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Foiled
posted March 9, 2010
 

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Creators: Jane Yolen, Mike Cavallaro
Publishing Information: First Second, softcover, 160 pages, April 2010, $15.99
Ordering Numbers: 1596432799 (ISBN10), 9781596432796 (ISBN13)

I thought Foiled a very dull and disappointing book. I didn't think it a book to match the reputation of its creators: the well-regarded young adult, fantasy and science fiction prose veteran Jane Yolen and the promising Parade With Fireworks cartoonist Mike Cavallaro. It's the kind of book that I once thought publisher First Second was created to push against, the kind of book they'd turn down in order to facilitate more idiosyncratic, ultimately more satisfying efforts. I wish I had read something, almost anything else.

Foiled is the story of a girl fencer whose success in her chosen sport eventually bleeds into a fantasy situation of the elves and trolls and nebulously-titled champions variety. At the top of the book we get to experience a pretty typical young-girl-in-the-city story: Aliera Carstairs doesn't have any friends at school, she has a healthy-beyond-her-years relationship to her sports skill, she doesn't know how to handle the attention of the cute boy that starts paying attention to her. None of this seems original even to my limited knowledge of such books, but it's effectively done. I was constantly aware of the artifice involved in such a story, yet also reminded why that kind of artifice remains popular with many readers.

imageWhat little goodwill I had for the comic left the room entirely when the magic-related plotlines came to fruition. What a disappointment. That whole aspect to the book was sloppily conceived and perfunctorily executed. There's a foil with magical elements... but also a mask with same. Maybe. A monster has nefarious designs on the foil... but is locked into a crushingly inefficient mission strategy that practically guarantees failure. There are creatures dancing in and out of the individuals in the crowded train station... but some of the people have monstrous aspects, too. Maybe. The characters are led to make some active decisions... that never feel risky or even invested with a lot of emotional turmoil. Not really. It never once felt to me like we were being shown an exciting way to re-imagine our world, something inspirational or personal to the creators. It felt like the authors consciously decided they wanted the rich metaphorical potential and narrative juice of magic-related events but didn't want to bother with the work of sitting down and making something coherent and rigorously specific out of those story elements. It felt contractually obligated; pre-planned. Even sadder, I immediately set my mind to not getting much of an explanation for what I was seeing, because the book now also felt exactly like the kind of book where they save details for the sequel for the sake of saving details for the sequel. I struggled to finish Foiled.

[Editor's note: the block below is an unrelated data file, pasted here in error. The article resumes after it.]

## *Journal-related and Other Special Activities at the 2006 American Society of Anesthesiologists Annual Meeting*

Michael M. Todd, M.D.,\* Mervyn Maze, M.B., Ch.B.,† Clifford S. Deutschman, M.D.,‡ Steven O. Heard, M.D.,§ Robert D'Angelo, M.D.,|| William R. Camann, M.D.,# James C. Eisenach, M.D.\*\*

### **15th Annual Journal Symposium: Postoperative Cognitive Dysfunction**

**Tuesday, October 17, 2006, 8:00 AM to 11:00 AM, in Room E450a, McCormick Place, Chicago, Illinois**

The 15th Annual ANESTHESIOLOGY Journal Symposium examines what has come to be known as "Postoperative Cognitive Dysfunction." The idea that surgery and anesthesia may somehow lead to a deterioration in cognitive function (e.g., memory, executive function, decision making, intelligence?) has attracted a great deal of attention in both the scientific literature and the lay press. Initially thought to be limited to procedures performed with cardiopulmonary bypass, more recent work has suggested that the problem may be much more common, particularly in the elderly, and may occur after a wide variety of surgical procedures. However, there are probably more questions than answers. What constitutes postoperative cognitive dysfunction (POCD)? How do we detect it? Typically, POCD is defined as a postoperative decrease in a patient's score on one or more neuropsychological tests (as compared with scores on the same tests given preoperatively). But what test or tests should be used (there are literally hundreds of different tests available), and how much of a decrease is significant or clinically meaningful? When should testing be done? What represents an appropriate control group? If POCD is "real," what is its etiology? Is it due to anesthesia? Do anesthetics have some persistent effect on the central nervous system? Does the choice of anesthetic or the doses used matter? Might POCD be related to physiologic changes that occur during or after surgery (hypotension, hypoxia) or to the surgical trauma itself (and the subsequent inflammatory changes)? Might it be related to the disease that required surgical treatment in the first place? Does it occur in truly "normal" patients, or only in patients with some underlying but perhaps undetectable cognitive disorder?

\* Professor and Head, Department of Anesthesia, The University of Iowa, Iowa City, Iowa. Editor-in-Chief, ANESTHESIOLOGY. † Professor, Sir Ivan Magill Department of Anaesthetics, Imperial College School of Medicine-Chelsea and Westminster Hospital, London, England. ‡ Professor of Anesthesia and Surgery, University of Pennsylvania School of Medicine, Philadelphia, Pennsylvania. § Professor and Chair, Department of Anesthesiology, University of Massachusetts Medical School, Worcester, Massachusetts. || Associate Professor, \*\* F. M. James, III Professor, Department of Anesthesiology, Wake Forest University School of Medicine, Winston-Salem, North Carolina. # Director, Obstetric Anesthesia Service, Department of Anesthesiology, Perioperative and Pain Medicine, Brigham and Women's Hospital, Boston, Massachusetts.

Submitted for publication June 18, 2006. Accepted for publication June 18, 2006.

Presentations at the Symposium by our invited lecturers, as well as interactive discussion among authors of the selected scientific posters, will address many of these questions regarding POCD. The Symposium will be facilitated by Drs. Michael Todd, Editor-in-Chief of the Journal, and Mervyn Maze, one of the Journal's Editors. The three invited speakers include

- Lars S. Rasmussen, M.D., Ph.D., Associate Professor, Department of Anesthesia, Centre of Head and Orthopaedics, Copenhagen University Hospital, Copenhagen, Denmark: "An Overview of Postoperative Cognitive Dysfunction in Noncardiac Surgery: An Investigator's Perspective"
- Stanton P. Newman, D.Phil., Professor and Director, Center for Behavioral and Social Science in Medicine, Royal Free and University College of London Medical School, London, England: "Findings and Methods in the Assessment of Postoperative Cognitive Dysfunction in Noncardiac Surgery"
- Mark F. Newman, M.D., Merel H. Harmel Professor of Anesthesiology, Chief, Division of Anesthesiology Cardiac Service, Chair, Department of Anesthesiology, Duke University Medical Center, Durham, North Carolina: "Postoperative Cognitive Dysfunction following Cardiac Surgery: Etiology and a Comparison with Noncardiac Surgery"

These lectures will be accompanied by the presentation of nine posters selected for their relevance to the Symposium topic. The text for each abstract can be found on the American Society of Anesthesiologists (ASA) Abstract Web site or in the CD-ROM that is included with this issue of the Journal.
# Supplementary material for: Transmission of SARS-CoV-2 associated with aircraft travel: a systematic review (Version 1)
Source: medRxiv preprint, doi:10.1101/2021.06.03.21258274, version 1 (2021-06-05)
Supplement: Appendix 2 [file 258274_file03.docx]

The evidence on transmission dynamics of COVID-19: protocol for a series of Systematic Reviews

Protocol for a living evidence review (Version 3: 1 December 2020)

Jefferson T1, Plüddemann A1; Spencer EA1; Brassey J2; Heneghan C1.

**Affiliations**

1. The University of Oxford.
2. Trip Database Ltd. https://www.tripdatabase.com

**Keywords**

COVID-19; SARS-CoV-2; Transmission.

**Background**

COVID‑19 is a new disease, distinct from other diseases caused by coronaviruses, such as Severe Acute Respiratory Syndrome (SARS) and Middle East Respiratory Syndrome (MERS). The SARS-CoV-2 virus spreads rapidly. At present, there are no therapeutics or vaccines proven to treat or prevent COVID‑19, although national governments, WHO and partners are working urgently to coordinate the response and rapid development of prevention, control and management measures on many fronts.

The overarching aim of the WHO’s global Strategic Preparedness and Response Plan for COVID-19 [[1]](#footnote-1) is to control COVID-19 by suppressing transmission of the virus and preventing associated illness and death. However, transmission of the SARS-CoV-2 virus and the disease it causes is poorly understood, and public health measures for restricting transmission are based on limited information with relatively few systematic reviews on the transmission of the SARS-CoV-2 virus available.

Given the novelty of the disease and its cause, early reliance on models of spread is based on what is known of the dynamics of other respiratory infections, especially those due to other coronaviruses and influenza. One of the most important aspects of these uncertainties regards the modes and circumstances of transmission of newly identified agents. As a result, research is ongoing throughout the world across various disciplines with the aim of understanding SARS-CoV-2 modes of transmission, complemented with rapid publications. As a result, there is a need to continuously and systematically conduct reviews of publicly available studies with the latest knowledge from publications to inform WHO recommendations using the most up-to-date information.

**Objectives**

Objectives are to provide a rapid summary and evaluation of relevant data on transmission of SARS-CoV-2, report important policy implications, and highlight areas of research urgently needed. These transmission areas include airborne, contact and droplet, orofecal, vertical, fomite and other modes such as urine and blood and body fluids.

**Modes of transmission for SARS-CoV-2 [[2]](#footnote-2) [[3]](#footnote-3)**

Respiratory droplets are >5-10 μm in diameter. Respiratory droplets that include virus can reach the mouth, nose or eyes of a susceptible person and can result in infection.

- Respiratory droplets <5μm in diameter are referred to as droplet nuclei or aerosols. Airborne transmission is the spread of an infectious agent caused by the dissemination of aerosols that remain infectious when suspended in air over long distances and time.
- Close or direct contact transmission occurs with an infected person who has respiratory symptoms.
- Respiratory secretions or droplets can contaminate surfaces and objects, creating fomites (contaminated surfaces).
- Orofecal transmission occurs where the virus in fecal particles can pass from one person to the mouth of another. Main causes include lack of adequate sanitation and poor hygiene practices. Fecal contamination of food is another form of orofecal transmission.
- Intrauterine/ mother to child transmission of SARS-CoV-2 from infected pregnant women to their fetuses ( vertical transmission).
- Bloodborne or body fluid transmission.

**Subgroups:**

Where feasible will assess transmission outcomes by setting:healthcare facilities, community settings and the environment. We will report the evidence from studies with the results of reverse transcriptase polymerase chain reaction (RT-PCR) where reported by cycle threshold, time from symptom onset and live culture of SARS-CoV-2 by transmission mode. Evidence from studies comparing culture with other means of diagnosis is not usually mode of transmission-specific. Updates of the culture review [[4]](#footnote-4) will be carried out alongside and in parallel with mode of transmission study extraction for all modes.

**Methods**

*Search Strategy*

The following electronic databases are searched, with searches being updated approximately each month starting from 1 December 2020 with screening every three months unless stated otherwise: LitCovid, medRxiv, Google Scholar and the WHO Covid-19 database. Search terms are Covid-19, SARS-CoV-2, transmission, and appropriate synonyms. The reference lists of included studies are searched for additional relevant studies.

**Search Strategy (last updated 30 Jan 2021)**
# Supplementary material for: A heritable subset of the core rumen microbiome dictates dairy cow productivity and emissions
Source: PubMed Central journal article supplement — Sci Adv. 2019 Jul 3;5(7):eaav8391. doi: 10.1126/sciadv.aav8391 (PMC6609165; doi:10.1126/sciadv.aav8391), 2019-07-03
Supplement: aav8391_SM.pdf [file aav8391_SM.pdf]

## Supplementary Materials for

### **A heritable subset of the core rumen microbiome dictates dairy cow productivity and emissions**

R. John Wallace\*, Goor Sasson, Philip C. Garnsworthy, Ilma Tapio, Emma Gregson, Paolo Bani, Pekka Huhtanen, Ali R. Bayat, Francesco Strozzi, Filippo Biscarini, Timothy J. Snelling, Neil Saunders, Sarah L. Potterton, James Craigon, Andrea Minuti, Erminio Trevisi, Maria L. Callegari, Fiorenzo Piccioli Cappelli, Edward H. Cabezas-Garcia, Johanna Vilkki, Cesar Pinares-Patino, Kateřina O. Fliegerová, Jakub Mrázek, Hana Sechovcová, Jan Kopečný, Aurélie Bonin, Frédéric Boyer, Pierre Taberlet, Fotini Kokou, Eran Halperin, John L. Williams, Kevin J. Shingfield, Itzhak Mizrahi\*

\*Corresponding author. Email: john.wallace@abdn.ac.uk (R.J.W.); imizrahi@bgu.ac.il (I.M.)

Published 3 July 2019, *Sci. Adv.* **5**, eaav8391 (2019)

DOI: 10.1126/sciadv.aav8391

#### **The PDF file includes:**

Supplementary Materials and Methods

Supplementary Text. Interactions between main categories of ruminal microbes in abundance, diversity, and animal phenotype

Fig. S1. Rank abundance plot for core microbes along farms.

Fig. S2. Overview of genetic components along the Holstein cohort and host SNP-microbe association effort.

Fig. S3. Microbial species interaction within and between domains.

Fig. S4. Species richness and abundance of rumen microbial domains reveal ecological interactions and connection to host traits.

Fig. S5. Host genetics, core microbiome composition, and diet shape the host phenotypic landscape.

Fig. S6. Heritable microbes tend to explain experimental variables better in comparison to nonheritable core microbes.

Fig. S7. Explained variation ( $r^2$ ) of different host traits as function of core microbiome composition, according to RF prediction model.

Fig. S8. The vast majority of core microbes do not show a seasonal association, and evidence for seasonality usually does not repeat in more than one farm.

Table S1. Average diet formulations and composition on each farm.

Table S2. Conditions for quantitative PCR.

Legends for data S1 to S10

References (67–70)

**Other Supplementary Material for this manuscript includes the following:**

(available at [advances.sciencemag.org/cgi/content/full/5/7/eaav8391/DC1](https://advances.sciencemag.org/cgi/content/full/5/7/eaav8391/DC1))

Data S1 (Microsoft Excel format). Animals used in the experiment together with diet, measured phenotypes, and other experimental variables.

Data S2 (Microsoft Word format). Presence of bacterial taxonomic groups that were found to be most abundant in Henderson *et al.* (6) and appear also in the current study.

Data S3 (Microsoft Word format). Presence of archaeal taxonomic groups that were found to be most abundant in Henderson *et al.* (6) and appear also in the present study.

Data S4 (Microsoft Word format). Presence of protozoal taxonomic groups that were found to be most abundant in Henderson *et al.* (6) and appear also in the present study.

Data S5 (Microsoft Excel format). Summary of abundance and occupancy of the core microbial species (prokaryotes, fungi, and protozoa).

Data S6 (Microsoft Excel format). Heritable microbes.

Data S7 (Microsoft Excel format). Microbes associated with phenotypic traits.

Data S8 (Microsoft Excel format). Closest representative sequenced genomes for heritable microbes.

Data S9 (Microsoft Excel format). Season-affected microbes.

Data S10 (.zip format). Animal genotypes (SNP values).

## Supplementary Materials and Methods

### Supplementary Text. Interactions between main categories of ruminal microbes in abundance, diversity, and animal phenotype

imageMike Cavallaro would have been more than able to draw an effective story about a girl fencer opening herself up to a wider life in New York City, but he's only okay when it comes to depicting such a story that includes fantasy visuals. They seemed fine in the reading of the story; I don't remember a single one now. One design I do recall I thought hampered the book. The boy interested in Aliera, Avery, we're told over and over again is so handsome it discombobulates Aliera and sends the female half of her school into paroxysms of desire. The visual simply doesn't communicate that. You can look at it after you know it's supposed to be a good-looking kid and see that in there, but by itself it suggests a rather runty, funny and cute friend character just as much if not more than it does the kid that turns the school upside down. I'm not an 11-year-old girl (not even deep down inside) and I might not automatically latch onto the same design elements that the intended audience might, but what I'm talking about is more of a clear signal, a way of drawing where this kind of thing gets easily communicated no matter how you personally feel. You see it in a ton of manga, and in a lot of the better alt-comics out there. You even see it in movies through careful casting. It's something that can be asked for in the editing process. If the prose hadn't told me the kid was great-looking, I wouldn't have figured out why Aliera was acting oddly. Because it was made so clear in the prose and so not clear visually, for a while I thought it was Aliera projecting. It's more difficult to share in Aliera's feelings and confusion than if we could more directly and universally identify Avery as good-looking. That character also has an emotional moment keyed into those looks that loses a lot of potential impact because it has to be explained to us once again.

A lot of kids will likely enjoy Foiled, and I think younger children looking for comfort in fiction when some out-of-school success they enjoy doesn't match up with an experience of in-school popularity might even feel deeply for the problems presented here. It's just that instead of a special work by two talented creators and a publishing house with a number of resources that can be mustered on such a work's behalf, it feels like another work by that pair and this publisher.

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